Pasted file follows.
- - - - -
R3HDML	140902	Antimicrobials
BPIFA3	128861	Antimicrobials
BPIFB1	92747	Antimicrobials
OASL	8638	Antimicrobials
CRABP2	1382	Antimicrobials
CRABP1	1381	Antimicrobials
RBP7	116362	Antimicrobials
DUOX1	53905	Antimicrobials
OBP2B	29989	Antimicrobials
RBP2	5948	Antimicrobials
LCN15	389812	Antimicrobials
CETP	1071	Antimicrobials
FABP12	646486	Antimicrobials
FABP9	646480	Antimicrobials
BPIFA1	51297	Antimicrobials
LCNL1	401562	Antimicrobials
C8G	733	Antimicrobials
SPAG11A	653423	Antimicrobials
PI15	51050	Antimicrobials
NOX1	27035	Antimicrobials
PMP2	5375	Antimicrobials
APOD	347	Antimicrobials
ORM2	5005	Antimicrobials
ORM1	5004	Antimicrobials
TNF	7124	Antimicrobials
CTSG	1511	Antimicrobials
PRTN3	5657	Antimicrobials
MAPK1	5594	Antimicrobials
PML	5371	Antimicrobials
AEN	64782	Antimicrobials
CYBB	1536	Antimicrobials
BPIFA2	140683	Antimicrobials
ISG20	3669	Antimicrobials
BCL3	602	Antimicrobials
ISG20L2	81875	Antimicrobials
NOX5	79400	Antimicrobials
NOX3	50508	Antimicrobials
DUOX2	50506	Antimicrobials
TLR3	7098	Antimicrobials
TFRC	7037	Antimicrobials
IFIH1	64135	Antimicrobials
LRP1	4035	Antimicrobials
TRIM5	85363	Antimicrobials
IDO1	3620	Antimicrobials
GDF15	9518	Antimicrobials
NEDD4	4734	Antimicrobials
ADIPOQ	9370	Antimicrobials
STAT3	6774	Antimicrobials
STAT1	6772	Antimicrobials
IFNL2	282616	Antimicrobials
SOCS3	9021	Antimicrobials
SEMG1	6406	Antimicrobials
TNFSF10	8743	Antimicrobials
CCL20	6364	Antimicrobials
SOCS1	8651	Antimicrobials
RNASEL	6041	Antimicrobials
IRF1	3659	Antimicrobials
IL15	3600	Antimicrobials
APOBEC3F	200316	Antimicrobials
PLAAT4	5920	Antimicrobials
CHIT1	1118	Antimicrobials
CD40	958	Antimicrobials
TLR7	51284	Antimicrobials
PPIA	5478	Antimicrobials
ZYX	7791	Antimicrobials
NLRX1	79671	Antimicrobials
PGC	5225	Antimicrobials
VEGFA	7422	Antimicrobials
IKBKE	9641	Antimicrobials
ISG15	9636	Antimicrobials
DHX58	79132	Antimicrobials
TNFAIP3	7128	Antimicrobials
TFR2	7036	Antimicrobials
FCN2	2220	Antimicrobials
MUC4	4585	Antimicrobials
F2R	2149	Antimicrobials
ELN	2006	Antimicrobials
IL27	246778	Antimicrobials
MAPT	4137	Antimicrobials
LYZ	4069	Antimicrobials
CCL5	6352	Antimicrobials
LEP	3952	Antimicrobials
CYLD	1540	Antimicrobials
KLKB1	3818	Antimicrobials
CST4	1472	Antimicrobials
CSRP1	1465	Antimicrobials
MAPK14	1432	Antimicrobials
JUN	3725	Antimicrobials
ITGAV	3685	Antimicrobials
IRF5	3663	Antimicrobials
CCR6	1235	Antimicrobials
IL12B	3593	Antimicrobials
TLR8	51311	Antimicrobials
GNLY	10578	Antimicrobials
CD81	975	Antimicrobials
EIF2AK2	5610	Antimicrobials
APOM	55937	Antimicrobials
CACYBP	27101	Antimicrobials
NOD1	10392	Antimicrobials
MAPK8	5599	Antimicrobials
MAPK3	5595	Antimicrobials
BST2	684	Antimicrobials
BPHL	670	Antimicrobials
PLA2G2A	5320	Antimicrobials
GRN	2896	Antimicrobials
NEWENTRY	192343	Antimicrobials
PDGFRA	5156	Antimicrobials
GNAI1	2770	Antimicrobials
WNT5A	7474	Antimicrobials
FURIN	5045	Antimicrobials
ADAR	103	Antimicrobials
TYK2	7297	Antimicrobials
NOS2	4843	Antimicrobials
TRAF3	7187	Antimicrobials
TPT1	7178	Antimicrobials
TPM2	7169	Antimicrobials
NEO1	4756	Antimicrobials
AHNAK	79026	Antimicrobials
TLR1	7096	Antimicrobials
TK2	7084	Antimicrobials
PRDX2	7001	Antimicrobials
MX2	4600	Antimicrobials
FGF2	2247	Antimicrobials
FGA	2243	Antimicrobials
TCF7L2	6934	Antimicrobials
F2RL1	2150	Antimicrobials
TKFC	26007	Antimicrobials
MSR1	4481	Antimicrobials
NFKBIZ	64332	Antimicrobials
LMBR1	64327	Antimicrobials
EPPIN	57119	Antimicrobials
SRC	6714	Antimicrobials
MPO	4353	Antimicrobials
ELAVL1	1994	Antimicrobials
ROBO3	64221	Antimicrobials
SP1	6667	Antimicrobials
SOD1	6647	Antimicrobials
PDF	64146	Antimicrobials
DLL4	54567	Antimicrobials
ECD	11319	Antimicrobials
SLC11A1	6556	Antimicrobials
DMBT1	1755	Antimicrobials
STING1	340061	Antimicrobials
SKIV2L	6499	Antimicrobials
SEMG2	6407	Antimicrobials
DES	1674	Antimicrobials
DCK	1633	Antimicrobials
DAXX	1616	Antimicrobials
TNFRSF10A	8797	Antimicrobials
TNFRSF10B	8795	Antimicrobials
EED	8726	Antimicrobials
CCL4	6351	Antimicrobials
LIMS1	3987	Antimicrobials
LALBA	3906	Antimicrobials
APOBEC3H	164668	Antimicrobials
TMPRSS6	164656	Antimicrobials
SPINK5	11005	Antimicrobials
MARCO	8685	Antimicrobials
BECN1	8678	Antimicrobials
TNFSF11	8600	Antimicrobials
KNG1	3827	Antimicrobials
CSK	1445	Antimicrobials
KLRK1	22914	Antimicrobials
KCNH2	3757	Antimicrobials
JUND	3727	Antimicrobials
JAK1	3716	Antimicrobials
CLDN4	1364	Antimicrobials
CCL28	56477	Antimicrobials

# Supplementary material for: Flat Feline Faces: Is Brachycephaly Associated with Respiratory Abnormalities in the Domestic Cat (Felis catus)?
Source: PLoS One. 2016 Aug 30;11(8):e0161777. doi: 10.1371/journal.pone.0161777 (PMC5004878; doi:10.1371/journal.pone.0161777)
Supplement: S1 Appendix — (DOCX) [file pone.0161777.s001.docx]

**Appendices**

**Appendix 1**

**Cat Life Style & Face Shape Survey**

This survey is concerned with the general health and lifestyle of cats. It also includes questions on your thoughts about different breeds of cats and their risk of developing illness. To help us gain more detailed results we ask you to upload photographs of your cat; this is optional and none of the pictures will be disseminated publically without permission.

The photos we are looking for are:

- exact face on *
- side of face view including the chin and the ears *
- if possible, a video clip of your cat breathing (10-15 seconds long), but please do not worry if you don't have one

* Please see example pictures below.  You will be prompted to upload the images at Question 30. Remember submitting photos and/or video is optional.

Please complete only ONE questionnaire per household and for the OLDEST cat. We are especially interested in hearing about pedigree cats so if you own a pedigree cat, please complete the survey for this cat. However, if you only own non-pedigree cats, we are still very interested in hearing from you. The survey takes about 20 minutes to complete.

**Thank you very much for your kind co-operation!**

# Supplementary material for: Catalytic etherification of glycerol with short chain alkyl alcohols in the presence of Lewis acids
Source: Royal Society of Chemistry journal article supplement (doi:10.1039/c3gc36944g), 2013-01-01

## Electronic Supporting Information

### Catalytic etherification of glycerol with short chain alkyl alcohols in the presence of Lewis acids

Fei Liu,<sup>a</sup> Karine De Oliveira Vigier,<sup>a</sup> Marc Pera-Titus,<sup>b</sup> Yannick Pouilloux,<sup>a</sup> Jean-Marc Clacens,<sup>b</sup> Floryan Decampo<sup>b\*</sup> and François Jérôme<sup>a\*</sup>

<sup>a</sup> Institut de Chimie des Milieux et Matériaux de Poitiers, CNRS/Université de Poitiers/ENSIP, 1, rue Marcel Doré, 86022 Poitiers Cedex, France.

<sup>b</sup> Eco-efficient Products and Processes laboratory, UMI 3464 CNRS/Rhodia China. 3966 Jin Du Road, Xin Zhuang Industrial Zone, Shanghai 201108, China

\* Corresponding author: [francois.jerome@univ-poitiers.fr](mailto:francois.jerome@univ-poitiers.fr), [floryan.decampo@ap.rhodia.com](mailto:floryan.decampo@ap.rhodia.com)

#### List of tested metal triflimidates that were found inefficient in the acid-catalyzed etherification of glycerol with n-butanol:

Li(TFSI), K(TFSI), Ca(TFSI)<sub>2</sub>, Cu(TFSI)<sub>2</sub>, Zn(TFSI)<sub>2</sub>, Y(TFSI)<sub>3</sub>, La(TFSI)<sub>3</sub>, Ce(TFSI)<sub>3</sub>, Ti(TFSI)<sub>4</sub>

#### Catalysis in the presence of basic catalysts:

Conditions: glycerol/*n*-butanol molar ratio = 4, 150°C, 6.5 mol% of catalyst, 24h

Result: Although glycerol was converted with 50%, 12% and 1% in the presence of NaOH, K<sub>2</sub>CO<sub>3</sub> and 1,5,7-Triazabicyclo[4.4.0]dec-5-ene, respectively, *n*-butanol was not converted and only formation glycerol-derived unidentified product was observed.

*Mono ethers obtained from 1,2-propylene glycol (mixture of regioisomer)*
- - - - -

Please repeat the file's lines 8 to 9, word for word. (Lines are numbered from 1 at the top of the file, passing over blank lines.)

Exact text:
DUOX1	53905	Antimicrobials
OBP2B	29989	Antimicrobials